There has been a lively debate on whether using indelible ink or biometric system will be more effective in curbing electoral frauds such as personation and multiple voting. I would like to put forward a few points here from my experience as an international election observer to dispel some myths around the issue.
Many electoral democracies in Asia have been moving towards multiple identification system to ensure voter identification is done right. Bangladesh and Philippines lead in using electoral rolls with photograph to provide easy identification of voters, on top of the usual identification card and name. As if this is not enough some countries eg Philippines require voters who have claimed their ballot to sign a receipt of the ballot to stop the same person or another person, from claiming a second ballot using the same identity. In these countries indelible ink is also used to add another layer of safeguard on voter identification, which can be utilised in the most challenging situations eg locations where there is no electricity. So the trend is towards multiple system of identification rather than relying on one supposedly sure-fire method.
In additions to the above there are also the administrative improvement to ensure that the above identification methods work. Eg Bangladesh spent half a year to renew the entire electoral roll of close to 90 million voters, ahead of their last presidential elections,to get rid of multiple registrations and other dubious registrations eg dead voters. Some countries eg Indonesia, Singapore, Australia allow automatic voter registration, while others allow quick registrations eg 1-2 days in New Zealand, so that no one citizen is denied their constitutionally guaranteed voting rights. Not only that the entire electoral system-from the appointment of election commissioners to the complaint handling mechanisms, are overhauled to ensure that electoral frauds are minimised and the results of the elections closely mirror the voters’ choices.
From the rough sketch above it is clear that the characterisation of countries which are using indelible ink as `backward’ with no identification papers is sweeping and, in most cases, factually inaccurate. It is true that some of the countries are poorer economically than Malaysia but their investment in democratic institutions are well in advanced compared to Malaysia. In fact these countries have gone beyond hard-ware dependence and adopt multiple safeguards to ensure integrity of the electoral operation. It would be most ironic if the Election Commission of Malaysia refuse to consider the use of cheap and adaptable method of indelible ink as an additional safeguard on voters identification, based on factually unsound allegation that the method is somehow `backward’ and linked to a lack of identification papers for the citizens. From the discussion above it is clear also that any voter idetification method can only work well in an electoral system where the election administration is transparent, credible, clean and fair to all.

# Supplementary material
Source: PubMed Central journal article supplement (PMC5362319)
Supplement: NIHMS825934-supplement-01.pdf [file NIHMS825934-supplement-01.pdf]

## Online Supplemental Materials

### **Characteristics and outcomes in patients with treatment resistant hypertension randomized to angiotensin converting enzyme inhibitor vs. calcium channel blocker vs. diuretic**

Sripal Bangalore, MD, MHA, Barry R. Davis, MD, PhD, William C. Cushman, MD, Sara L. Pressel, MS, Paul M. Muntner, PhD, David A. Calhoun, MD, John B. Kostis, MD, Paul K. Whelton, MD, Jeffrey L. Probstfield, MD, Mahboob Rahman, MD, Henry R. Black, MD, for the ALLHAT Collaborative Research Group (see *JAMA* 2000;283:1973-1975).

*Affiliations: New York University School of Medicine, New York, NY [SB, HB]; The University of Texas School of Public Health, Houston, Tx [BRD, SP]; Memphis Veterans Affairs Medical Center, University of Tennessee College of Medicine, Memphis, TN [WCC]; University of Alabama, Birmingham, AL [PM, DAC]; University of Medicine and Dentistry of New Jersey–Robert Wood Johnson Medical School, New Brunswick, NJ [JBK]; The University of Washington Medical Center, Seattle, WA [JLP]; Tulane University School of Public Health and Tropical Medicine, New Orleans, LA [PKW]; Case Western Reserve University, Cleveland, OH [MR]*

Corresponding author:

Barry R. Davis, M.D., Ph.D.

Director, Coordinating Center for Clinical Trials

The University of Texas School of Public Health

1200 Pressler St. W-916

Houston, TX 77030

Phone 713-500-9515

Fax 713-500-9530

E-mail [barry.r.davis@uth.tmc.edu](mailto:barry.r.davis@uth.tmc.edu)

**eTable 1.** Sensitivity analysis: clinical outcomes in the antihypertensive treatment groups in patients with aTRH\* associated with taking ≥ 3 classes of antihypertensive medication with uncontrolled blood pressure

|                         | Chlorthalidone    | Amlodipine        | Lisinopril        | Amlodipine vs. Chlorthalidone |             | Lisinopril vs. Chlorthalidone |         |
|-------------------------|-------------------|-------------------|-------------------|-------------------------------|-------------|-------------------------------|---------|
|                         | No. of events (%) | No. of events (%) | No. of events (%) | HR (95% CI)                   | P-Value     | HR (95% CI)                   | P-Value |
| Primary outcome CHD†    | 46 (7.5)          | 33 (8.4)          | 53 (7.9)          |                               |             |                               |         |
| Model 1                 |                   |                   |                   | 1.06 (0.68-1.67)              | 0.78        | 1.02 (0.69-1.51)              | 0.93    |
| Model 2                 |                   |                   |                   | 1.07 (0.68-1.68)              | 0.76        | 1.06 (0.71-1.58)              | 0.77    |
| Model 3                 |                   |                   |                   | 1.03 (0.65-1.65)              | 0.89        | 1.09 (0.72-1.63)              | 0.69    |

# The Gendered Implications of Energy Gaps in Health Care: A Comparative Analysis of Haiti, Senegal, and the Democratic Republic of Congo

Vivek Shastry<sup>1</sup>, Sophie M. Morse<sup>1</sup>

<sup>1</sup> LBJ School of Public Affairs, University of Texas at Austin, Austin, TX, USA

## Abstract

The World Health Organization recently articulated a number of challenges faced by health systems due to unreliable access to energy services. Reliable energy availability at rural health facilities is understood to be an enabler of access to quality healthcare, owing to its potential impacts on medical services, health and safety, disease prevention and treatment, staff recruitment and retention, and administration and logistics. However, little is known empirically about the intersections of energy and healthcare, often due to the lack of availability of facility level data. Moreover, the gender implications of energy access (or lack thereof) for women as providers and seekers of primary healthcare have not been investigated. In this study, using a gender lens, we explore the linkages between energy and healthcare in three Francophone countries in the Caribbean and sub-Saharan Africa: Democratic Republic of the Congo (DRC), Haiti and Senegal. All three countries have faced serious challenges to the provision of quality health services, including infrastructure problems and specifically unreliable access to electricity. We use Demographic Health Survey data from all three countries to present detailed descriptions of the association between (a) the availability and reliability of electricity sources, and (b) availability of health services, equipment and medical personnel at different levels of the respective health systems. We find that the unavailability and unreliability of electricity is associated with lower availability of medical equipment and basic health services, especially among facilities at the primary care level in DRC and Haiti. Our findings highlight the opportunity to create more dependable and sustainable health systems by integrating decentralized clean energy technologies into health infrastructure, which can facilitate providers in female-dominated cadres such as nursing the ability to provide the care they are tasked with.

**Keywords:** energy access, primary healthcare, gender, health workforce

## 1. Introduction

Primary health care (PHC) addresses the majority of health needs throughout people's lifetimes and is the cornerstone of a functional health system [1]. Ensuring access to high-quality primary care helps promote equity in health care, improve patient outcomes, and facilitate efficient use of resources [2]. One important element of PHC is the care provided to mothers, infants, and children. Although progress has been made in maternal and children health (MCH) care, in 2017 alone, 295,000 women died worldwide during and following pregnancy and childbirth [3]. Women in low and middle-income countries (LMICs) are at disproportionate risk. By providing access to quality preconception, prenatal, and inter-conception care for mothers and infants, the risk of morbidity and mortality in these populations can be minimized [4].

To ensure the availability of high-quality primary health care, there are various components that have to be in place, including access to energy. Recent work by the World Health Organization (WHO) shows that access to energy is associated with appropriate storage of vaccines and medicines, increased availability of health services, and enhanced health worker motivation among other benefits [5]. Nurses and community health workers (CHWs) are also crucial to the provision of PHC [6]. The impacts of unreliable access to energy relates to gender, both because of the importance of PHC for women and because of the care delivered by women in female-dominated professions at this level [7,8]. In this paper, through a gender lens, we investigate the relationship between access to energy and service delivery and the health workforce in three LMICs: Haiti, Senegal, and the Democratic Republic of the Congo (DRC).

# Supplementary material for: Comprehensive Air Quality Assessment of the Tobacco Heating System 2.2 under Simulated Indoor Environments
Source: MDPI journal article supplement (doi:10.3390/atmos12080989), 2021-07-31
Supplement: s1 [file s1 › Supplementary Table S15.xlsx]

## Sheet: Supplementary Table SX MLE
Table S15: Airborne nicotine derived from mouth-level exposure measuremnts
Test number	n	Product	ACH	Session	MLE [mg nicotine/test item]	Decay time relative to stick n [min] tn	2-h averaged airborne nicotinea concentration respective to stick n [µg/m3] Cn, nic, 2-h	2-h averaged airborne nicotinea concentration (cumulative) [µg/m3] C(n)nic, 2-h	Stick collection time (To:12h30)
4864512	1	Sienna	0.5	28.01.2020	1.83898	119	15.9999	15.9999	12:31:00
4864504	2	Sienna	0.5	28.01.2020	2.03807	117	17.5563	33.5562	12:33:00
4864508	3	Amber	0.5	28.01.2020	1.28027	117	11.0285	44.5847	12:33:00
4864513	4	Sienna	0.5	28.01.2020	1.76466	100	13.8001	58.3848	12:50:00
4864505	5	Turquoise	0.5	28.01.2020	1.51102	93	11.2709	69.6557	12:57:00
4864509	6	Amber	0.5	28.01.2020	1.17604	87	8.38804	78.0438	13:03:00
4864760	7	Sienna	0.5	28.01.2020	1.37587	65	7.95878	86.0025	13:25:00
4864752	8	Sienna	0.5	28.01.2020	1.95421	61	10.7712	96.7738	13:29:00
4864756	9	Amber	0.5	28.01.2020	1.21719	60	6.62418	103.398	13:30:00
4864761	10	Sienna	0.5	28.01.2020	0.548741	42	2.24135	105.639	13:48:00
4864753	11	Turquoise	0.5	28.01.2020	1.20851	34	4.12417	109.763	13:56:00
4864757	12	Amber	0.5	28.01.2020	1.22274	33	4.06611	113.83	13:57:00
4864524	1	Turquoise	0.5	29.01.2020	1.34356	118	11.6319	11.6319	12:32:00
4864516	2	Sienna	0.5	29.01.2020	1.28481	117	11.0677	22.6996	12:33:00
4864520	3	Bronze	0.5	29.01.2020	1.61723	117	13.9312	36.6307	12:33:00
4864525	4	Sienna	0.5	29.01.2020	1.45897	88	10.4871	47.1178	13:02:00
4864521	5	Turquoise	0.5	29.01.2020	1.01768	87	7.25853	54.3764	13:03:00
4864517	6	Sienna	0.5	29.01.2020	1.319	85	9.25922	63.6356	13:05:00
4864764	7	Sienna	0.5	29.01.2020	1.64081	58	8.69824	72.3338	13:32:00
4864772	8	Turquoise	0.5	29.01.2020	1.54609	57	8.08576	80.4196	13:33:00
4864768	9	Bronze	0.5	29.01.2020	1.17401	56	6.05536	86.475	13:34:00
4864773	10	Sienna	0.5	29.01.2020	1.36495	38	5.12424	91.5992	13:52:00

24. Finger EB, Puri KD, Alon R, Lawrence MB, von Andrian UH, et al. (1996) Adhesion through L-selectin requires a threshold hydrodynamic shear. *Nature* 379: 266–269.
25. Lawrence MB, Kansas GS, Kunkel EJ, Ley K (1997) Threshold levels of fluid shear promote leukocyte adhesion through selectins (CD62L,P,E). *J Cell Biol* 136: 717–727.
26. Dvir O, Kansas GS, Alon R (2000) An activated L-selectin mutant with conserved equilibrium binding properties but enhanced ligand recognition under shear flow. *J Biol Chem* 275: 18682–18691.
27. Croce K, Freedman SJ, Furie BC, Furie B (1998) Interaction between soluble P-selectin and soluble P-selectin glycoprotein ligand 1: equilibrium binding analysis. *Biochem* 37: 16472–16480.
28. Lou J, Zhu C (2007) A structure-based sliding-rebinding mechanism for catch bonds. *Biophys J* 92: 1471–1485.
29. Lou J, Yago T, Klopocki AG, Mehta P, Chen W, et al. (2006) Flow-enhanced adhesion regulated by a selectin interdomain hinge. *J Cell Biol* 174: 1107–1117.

Just for discussion: there are many polling centres in Malaysia where there is no monitoring of polling by enough Polling Agents and Counting Agents, and where the Form 14 confirming the polling results are not available immediately to all stake holders -including the candidates, due, for eg by the absence of the Counting Agents or the Counting Agents disappeared. Under such circumstance the voter identification methods would not be helpful to ensure that only bona fide voters were voting or, as a whole, to ensure the integrity of the election result.
Factually there is also no country -even so called `advanced’ democracy that choose to spend heavily on a biometric system to do voter identification. They are happy to use multiple identification system coupled with more enhanced electoral administration to ensure, as much as practicable, fraud-free elections. In comparison our choice of heavy investment into an untested biometric system which is expected to operate within an electoral administration regime which is far from international norms, let alone best practices. It seems that the decision making in this regards had headed towards wrong direction if electoral integrity is the real objective. It may be speculative that the biometric system is considered not so much for its effectiveness on voter identification but because it has already been used on millions of legal as well as illegal migrants for another purpose. Putting the tool ahead of its intended purpose is certainly not a rational let alone cost-effective method of decision making.
Just a word on the biometric system: since the system can only be used in conjunction with a computer/internet based database there are practical/logistic consideration to roll out the system in remote areas where there is no electricity, let alone internet connection. There are numerous such locations in eg interior of Sabah and Sarawak, where there is not even a computer to service the polling centers.
Malaysian Election Observers Network